Questioning the Evidence on the Integration of Immigrants in Europe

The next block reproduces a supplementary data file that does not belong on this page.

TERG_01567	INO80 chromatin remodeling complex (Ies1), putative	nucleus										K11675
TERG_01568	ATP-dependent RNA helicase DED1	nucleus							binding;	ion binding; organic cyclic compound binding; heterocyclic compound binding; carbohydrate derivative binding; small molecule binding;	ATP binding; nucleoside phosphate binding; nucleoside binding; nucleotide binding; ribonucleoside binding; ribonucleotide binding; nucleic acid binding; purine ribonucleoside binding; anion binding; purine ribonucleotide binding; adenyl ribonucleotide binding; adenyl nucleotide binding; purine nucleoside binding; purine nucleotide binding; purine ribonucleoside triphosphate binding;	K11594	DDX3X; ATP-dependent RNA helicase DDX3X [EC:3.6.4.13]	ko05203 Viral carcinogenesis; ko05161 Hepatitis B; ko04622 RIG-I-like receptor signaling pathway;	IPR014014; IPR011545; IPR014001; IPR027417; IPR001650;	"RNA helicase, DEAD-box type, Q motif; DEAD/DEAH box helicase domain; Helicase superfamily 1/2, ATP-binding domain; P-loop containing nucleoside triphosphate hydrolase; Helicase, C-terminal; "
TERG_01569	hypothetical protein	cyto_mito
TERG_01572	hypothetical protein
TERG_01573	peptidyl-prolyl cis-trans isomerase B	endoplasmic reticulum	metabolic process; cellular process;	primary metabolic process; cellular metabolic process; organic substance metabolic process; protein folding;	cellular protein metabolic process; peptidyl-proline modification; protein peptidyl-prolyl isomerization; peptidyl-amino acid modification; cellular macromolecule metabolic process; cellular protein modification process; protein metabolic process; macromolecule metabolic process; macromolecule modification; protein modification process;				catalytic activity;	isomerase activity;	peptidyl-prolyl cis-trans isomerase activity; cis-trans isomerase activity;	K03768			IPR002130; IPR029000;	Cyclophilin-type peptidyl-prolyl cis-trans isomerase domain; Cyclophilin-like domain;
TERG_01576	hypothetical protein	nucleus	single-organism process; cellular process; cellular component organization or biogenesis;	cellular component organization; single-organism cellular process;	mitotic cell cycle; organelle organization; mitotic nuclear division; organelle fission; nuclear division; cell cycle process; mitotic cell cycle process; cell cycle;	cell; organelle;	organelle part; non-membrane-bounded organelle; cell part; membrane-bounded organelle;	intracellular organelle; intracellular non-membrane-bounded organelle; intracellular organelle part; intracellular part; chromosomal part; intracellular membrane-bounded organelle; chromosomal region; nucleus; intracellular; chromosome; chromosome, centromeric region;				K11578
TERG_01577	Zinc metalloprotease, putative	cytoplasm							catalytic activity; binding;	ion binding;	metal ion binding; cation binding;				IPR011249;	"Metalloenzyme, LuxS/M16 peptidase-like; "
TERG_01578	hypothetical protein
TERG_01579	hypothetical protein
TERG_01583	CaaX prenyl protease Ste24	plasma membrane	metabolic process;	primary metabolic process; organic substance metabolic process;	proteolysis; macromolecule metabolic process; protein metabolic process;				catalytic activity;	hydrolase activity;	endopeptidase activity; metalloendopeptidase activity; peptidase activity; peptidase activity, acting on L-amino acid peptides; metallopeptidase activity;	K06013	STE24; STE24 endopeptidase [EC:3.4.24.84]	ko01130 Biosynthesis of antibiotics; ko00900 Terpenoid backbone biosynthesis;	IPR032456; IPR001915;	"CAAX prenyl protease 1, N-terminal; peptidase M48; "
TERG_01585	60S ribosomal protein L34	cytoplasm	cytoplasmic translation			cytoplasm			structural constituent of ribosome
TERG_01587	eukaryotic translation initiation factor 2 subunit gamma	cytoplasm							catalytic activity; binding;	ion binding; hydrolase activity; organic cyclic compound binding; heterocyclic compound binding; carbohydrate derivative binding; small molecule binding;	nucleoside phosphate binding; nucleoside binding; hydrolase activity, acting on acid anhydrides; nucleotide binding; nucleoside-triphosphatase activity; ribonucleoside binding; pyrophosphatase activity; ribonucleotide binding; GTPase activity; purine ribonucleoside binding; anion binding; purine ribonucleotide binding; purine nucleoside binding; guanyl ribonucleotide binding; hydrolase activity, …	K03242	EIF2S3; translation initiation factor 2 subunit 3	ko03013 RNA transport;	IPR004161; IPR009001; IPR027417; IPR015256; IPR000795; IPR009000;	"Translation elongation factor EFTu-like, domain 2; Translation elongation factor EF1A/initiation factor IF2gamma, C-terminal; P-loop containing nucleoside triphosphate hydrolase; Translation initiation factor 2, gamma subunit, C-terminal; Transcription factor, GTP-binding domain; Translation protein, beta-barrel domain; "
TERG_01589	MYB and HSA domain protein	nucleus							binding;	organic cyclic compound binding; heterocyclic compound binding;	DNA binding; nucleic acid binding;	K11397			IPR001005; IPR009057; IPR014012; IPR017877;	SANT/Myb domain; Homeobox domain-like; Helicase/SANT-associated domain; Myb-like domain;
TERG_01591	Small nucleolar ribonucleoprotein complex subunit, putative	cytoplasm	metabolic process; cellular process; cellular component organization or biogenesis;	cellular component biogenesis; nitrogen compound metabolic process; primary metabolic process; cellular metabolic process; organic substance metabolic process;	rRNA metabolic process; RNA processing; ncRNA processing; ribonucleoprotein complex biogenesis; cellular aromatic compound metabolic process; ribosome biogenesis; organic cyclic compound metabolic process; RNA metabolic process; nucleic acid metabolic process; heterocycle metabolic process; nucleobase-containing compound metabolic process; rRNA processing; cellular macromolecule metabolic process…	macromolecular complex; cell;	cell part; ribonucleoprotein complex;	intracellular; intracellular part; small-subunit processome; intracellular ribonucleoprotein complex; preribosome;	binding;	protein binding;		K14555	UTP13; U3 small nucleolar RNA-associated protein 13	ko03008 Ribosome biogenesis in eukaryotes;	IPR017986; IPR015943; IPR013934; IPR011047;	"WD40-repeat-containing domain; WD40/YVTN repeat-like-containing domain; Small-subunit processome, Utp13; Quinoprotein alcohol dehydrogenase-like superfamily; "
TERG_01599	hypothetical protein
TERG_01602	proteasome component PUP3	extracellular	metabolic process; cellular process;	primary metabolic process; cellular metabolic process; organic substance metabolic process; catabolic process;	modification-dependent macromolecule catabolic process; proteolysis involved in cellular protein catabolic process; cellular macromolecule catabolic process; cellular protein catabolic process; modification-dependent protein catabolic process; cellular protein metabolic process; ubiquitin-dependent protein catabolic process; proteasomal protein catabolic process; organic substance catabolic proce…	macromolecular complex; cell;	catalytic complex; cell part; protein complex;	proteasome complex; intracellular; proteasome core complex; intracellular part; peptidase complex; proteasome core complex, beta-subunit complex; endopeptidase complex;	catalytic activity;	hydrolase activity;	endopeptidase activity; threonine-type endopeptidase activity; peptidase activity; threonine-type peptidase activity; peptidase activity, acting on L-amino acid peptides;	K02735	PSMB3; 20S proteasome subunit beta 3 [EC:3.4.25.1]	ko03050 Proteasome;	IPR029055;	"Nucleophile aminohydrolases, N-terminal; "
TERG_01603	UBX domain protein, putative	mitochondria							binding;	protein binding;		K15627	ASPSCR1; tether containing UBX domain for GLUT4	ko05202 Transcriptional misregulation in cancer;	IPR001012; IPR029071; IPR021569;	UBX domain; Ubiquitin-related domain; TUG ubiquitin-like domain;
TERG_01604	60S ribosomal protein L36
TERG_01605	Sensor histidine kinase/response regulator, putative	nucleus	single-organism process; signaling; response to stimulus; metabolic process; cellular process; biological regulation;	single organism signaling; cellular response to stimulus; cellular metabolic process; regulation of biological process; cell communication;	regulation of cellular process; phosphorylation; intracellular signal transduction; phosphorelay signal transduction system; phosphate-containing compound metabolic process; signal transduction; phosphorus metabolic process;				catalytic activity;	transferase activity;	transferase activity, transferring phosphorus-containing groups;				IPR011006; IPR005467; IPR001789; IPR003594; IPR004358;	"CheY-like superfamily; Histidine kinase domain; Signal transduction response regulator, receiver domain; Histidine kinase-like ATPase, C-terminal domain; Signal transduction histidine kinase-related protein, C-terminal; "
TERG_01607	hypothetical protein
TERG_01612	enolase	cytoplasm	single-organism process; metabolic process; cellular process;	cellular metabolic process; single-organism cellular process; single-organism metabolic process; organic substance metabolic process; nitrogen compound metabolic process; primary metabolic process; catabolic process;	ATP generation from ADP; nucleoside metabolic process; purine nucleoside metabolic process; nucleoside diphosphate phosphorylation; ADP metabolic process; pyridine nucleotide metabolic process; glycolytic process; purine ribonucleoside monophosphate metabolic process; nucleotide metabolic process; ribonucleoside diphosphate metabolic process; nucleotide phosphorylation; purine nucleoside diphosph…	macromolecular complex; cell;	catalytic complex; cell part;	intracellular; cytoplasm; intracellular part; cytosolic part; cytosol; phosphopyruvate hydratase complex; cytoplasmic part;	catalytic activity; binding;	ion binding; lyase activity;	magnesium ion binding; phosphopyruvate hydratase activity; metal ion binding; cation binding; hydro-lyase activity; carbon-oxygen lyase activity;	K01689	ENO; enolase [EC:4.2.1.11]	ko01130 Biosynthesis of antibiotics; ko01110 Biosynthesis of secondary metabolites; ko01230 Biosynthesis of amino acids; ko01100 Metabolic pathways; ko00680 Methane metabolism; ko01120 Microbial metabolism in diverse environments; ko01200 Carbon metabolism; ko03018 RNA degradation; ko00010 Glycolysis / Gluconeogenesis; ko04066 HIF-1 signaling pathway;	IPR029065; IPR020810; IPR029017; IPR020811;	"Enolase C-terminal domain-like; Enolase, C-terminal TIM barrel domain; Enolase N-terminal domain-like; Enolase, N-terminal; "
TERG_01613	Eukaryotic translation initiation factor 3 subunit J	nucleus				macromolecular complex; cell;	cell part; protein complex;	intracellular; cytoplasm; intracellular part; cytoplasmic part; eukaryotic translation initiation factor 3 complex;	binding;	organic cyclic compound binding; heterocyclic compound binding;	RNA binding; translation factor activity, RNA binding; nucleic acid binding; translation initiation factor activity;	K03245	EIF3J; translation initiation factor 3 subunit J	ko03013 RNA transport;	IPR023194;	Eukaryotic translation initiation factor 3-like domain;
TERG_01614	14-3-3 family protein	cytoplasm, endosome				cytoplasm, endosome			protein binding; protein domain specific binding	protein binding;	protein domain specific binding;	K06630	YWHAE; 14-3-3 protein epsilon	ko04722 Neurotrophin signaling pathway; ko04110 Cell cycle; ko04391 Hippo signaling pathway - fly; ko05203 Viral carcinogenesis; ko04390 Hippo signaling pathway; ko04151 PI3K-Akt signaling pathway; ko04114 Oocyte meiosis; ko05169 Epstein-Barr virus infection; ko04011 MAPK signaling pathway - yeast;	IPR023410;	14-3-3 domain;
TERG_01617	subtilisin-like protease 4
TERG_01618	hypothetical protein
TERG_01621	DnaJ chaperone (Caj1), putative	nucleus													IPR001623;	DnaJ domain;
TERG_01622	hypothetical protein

On May 4, 2017, Matrix Social Sciences organized an Open House. In the context of this celebration, IES Director Jeroen Dewulf and his assistant Elena Kemp (Dept. of History) presented the IES-Matrix Program entitled “Questioning the Evidence on the Integration of Immigrants in Europe”. This Matrix Theme Team is exploring how these various types of data are used to support (or challenge) the integration of various immigrant populations and their descendants in Europe. Their work is closely aligned with the Matrix theme, “Questioning the Evidence,” as it highlights the nature and usage of different types of information around important social issues. This topic is particularly urgent as Europe faces an ongoing and unprecedented influx of migrants from the Syrian Civil War. “There is increasing pressure to evaluate Europe’s capacity to integrate immigrants,” the researchers explained in their proposal. “Politicians use data to make decisions—but in many cases that data is very questionable. Where does the data come from, who do we interview, what types of questions do you ask, what do you look at when you collect data regarding integration—and what do you define as integration in the first place? Those are important questions.” The Theme Team is building on the dialogue and academic community they established through “A Polarizing Europe,” a previous Matrix Research Team that examined diverse challenges that have led to political and social polarization across Europe in recent years. “In the course of our past discussions,” they explained, “we realized that the intricate phenomena of immigration and integration figured centrally in all of these questions, and in fact tied them together…. Data is powerful. It allows actors in politics, laws, academia, media, popular culture and the arts to make arguments about who is or is not integrated, what a given country—or Europe as a whole—is or is not, and what should or should not be done.” The team’s members are exploring opportunities for continuing this work in the future, including developing a new course focused on immigration and refugee integration. But they also are interested in bridging their work directly to civic institutions that make decisions about immigration on a daily basis. “We want to make sure,” they explained, “that the research team serves as a pathway to bring together policy-makers and scholars, and creates a platform whereby both can learn from each other.”